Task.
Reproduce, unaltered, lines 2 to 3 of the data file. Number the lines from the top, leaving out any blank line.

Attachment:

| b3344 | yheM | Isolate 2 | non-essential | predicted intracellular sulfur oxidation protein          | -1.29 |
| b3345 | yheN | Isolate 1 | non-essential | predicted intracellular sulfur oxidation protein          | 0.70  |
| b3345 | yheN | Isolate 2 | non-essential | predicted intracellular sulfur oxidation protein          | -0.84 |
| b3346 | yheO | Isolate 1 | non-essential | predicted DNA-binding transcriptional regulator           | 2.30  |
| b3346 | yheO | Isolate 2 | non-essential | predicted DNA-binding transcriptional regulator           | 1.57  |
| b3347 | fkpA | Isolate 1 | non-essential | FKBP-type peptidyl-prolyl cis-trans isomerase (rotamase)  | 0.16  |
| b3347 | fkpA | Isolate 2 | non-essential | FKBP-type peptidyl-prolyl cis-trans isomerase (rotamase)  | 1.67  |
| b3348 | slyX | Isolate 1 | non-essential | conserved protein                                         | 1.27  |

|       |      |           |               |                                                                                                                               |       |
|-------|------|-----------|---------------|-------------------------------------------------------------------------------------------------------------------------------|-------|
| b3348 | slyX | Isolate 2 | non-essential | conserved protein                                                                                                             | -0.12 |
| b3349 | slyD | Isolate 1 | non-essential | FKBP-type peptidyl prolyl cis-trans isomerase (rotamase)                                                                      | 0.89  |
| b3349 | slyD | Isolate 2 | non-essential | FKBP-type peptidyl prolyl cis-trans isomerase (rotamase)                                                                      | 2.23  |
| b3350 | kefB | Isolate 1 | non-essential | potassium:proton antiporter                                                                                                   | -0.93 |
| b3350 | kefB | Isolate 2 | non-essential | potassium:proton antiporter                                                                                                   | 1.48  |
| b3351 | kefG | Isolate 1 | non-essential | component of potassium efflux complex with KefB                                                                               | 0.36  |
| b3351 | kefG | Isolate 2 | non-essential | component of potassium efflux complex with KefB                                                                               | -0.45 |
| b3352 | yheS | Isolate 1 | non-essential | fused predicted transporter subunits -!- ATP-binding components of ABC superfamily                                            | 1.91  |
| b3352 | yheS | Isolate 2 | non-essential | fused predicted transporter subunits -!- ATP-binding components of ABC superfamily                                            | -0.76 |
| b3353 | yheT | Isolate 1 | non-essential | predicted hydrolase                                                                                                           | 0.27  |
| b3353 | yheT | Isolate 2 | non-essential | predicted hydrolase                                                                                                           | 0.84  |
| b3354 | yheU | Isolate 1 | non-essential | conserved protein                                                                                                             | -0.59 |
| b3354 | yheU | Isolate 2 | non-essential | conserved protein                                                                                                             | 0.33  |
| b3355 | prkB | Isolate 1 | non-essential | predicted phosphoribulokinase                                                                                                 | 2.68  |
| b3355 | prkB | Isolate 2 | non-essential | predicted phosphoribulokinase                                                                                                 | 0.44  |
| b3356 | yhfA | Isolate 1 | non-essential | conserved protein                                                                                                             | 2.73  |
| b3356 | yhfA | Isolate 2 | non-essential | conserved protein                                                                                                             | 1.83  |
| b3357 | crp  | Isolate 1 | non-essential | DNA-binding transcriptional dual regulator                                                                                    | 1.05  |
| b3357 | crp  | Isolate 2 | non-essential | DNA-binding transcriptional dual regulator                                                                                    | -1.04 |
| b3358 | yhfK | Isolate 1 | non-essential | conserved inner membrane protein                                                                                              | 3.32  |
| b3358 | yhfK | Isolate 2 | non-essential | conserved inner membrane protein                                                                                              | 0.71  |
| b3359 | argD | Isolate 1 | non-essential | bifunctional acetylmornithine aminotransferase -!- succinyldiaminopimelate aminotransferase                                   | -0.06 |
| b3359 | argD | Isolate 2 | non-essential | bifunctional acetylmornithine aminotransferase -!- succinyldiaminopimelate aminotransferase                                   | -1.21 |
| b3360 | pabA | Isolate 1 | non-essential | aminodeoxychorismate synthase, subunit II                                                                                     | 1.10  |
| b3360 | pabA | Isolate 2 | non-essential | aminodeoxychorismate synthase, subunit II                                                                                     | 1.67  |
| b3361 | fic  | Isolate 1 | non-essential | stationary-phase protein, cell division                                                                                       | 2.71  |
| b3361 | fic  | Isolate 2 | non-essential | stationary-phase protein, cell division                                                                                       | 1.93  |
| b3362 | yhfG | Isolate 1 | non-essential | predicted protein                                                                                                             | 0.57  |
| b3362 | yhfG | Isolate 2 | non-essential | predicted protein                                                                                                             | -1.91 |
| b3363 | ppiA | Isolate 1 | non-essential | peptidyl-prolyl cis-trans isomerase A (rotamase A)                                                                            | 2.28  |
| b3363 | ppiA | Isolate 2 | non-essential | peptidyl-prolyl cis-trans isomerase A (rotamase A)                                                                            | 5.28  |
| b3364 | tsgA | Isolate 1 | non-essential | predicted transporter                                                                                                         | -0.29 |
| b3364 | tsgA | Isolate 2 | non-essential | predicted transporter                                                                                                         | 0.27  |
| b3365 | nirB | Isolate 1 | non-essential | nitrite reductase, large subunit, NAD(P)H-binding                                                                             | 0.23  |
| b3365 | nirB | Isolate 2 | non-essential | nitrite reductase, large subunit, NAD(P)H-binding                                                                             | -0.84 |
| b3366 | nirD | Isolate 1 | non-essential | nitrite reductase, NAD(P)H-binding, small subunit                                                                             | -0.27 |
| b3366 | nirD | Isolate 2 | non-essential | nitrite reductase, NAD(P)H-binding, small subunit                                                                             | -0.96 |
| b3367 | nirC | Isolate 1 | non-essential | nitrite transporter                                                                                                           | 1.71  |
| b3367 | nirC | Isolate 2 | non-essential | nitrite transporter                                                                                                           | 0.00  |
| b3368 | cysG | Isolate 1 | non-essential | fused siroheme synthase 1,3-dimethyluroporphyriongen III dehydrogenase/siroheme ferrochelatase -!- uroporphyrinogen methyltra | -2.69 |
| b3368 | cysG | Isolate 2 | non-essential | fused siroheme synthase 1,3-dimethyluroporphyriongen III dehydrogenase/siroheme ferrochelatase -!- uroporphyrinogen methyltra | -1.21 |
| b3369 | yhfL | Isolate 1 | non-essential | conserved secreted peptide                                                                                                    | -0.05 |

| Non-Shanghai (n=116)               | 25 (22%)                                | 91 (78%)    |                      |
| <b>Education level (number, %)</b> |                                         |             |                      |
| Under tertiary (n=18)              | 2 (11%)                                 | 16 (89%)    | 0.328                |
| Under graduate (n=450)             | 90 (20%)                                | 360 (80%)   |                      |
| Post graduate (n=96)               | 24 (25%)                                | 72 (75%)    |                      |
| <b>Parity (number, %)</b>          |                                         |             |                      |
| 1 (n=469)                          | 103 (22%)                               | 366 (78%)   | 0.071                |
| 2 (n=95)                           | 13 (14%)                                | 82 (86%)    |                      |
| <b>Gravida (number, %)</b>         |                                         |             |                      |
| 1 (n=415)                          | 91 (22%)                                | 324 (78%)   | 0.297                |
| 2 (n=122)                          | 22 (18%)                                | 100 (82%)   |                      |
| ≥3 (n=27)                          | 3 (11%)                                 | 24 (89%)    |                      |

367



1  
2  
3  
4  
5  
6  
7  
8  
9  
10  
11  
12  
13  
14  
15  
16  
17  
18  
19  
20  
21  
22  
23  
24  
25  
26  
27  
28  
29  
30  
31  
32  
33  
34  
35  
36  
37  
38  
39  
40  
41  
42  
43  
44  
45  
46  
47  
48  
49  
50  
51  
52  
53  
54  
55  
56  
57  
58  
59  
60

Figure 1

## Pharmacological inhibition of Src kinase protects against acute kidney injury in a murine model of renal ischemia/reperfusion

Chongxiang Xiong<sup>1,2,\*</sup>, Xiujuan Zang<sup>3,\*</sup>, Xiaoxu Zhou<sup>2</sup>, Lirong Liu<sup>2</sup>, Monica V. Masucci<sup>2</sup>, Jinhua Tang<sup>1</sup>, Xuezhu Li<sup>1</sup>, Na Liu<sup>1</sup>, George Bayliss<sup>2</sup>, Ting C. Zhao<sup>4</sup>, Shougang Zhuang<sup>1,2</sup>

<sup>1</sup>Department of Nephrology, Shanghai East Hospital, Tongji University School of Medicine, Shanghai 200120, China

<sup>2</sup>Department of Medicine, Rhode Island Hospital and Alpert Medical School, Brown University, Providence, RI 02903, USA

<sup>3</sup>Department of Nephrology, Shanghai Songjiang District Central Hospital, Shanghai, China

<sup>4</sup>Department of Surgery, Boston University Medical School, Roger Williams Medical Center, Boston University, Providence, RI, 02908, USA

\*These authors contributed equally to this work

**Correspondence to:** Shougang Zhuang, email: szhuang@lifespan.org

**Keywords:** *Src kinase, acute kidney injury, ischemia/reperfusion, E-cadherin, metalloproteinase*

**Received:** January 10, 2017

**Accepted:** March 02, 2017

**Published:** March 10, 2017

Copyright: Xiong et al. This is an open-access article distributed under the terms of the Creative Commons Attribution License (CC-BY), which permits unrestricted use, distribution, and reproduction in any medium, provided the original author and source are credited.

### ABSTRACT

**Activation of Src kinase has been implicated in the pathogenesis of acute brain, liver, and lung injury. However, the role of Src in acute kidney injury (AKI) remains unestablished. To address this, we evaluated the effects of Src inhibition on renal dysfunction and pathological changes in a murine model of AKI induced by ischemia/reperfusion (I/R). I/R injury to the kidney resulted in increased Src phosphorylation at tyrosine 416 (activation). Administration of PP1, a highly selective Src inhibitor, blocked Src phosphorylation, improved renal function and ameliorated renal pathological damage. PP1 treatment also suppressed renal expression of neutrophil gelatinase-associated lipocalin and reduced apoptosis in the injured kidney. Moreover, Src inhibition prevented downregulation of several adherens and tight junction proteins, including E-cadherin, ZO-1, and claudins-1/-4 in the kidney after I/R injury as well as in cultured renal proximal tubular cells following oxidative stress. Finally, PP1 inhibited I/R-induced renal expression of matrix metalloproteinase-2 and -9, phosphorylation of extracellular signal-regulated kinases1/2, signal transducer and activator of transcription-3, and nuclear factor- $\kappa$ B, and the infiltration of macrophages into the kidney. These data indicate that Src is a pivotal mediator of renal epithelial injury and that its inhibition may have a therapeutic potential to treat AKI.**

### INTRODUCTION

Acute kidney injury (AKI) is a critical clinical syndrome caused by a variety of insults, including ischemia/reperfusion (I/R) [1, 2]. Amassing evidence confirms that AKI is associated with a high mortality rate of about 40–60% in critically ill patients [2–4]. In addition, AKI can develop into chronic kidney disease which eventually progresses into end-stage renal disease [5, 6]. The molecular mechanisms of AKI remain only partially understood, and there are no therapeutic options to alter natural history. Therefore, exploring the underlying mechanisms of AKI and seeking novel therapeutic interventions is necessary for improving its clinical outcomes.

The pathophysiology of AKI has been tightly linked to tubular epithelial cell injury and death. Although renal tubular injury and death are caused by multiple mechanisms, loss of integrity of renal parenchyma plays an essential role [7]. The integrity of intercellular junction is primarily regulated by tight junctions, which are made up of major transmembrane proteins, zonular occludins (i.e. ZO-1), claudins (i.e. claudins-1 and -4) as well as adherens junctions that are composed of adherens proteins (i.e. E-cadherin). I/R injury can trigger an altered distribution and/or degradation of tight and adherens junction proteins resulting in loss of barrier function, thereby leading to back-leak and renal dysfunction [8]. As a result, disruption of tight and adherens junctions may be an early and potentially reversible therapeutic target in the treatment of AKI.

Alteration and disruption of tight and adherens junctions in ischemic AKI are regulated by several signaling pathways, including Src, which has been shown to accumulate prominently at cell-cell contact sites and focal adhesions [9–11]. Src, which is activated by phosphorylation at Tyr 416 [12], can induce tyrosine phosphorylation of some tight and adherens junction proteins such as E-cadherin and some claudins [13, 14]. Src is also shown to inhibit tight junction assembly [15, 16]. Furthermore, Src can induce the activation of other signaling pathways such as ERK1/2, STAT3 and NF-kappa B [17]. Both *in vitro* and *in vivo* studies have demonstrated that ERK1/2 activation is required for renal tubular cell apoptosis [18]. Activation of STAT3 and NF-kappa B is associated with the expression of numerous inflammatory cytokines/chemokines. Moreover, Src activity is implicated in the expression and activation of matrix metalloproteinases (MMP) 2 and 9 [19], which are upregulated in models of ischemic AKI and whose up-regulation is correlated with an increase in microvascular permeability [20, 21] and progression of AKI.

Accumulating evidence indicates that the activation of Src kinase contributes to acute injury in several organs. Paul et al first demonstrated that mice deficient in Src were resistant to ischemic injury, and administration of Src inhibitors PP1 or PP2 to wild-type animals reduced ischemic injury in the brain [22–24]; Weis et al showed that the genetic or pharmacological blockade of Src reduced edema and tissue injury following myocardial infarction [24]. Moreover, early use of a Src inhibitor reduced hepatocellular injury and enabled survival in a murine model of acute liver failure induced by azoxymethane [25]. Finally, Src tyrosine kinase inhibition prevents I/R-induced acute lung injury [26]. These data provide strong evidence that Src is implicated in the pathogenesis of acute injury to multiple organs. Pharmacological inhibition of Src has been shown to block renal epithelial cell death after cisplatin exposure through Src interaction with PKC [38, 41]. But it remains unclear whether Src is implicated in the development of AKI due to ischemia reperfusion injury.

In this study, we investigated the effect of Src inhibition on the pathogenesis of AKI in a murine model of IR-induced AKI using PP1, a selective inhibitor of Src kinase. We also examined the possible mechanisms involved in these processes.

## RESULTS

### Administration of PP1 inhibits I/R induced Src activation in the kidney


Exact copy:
| b3345 | yheN | Isolate 1 | non-essential | predicted intracellular sulfur oxidation protein          | 0.70  |
| b3345 | yheN | Isolate 2 | non-essential | predicted intracellular sulfur oxidation protein          | -0.84 |